Whatever happened to evidence-based policy? Episode 1

I had thought most governments were now largely avowed supporters of evidence-based policy. Some recent examples from Australia have made me wonder what’s going on. Here’s the first of a worrying series.

1. Target 155

This program aimed to get Melbournians to reduce their residential water consumption to 155 litres per person per day. In addition to advertising, the target was included in water bills.

The newly elected State Government has terminated the program, claiming it was ‘just a political slogan’. The Melbourne Age reported last week:

Mr Walsh said the target had not played a major role in reducing water consumption.

”I think in general Melburnians did a great job with the water restrictions that were in place, and I don’t think they needed the political spin of the Target 155 campaign to know that they needed to be sensible with water use,” he said.

Mr Walsh said he didn’t have an opinion on how much water people should use each day, but said he was confident the change would not cause consumption to soar.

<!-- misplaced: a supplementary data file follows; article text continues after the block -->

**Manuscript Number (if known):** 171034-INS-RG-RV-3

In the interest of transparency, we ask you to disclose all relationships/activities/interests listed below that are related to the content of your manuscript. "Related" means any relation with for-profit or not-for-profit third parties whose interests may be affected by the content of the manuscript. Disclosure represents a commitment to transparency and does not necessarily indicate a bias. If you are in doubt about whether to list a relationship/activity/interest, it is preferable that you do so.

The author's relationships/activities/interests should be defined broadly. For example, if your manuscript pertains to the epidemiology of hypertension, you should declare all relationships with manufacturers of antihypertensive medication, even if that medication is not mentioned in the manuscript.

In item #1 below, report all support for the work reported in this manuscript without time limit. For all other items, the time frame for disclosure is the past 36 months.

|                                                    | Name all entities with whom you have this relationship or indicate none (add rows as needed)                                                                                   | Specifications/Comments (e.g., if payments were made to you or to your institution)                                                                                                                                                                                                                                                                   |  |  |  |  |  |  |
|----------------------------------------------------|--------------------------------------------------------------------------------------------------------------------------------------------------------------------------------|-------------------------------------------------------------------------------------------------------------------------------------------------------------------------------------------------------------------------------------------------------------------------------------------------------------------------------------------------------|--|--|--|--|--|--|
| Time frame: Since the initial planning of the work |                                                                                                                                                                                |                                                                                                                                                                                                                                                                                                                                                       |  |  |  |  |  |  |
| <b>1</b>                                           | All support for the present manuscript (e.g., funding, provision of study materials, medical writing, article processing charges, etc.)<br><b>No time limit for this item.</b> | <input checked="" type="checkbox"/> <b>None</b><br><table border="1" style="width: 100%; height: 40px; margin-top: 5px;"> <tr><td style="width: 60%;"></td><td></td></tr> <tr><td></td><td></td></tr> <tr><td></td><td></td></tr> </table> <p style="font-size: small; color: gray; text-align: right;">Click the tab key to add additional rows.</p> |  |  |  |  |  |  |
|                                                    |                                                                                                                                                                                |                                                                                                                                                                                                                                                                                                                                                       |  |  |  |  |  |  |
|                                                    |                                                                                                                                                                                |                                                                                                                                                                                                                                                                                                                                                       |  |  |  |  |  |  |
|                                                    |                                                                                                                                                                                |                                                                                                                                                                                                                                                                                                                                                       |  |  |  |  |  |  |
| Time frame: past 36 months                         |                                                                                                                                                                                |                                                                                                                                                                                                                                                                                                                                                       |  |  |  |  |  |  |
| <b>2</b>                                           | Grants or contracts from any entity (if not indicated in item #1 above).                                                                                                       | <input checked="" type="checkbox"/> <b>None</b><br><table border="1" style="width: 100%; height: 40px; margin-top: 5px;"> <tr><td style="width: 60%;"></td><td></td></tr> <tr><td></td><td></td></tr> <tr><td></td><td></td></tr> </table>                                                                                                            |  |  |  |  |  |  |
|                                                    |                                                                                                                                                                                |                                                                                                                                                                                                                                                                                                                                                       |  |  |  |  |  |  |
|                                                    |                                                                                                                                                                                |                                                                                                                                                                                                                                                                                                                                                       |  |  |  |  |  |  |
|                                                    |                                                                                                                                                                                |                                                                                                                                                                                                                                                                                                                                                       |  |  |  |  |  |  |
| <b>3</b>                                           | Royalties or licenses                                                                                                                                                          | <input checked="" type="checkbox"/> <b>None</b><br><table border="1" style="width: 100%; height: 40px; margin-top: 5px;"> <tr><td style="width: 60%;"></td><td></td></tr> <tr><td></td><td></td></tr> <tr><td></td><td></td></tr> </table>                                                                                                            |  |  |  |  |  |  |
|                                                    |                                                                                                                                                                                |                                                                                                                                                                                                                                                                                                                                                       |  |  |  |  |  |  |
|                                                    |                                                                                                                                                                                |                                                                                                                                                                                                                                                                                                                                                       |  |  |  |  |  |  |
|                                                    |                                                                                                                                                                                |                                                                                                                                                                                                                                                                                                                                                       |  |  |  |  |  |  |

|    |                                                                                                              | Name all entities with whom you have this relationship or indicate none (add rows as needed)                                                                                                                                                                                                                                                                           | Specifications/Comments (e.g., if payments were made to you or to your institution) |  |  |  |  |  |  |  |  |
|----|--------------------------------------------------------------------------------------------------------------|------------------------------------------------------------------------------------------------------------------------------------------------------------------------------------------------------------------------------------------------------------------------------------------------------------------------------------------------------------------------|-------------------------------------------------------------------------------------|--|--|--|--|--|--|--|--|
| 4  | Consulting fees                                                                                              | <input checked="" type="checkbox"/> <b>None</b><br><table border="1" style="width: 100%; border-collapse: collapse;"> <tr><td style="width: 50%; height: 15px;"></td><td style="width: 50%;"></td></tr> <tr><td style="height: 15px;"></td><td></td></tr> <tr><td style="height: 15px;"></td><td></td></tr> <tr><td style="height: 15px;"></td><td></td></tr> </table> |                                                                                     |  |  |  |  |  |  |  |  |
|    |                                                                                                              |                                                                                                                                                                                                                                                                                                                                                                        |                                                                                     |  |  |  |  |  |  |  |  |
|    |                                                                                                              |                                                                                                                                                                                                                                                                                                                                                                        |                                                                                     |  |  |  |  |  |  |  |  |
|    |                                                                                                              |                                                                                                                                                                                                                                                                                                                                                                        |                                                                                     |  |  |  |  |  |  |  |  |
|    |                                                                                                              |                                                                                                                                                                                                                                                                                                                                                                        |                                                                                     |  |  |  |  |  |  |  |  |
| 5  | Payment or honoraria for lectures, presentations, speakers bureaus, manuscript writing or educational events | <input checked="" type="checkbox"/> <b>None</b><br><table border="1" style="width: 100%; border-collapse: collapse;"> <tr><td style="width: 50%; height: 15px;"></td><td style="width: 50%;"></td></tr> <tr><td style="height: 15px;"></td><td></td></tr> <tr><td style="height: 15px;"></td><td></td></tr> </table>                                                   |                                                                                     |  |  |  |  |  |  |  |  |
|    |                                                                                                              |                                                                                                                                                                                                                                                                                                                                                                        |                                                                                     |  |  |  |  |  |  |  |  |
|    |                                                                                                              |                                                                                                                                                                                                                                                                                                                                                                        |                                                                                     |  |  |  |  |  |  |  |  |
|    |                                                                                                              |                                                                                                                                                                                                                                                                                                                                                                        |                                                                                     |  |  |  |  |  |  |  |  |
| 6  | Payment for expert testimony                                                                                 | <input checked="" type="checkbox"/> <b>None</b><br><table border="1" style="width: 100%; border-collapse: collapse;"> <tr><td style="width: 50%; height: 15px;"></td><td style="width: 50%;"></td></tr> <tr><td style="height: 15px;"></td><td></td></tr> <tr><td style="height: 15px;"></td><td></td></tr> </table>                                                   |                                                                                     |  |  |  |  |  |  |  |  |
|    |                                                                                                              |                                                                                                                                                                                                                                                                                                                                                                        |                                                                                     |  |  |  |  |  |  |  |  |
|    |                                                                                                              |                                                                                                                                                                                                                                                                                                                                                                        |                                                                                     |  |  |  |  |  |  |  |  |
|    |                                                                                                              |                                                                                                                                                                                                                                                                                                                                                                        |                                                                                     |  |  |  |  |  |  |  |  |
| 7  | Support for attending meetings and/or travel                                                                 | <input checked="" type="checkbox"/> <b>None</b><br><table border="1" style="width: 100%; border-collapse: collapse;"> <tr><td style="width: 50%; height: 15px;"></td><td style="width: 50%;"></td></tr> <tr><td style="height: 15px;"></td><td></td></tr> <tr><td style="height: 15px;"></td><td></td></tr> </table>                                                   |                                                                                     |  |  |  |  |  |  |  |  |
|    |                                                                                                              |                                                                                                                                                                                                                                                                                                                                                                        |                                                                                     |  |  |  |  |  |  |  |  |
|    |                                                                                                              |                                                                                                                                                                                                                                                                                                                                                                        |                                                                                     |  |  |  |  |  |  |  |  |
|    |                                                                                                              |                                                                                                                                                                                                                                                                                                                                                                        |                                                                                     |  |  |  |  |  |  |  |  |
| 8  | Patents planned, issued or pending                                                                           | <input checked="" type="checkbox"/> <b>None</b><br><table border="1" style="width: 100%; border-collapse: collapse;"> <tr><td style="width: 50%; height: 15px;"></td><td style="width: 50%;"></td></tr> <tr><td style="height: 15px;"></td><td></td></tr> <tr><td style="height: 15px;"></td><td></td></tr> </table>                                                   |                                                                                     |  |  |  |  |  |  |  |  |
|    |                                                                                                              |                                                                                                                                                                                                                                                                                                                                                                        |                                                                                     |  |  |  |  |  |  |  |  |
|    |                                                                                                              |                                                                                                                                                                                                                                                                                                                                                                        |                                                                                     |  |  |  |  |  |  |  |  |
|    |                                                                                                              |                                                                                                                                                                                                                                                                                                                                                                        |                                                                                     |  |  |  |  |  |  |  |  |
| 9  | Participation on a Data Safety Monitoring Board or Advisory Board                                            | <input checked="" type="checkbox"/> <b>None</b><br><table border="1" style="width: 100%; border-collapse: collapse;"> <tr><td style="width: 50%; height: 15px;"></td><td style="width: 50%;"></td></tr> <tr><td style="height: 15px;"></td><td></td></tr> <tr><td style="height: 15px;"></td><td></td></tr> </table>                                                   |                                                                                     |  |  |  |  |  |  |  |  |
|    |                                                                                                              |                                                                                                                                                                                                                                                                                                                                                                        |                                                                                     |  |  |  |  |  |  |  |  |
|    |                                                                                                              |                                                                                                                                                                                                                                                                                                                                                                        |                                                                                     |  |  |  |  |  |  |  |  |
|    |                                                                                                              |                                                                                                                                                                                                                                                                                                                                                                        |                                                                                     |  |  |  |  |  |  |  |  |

The Age also reported that the private water companies, which make more money when more water is used, have been campaigning for withdrawal of the program.

Now The Age has reported on research commissioned by the water companies, claiming the program had had a significant impact on reducing water usage:

But the report released by Ms Barker yesterday – which was jointly conducted by Melbourne’s three water retailers – claimed the influence of Target 155 could be identified using modelling that eliminated the impact of daily temperatures and rainfall on consumption.

The modelling found the introduction of Target 155 sent consumption below the volumes that would have been expected in the weather conditions that occurred.

Water savings of 53 billion litres were calculated for the period between the scheme’s introduction in December 2008, and August 2010.

”The T155 campaign has been effective in reducing water consumption in Melbourne,” the report said.

The classic tactic when a pesky bit of research gets in the way of a senior decision maker’s opinion is to discredit the research. Since this has been endorsed by the water companies, this might be harder to do (lthough those with a narrow view of evidence-based policy might parrot the erroneous line “without a control group, you can’t determine impact” – hey, it worked for tobacco companies for years).

Will it be rebutted, or ignored? Or will evidence overturn opinion and policy decisions? I’ll be watching with interest developments in this and other issues.


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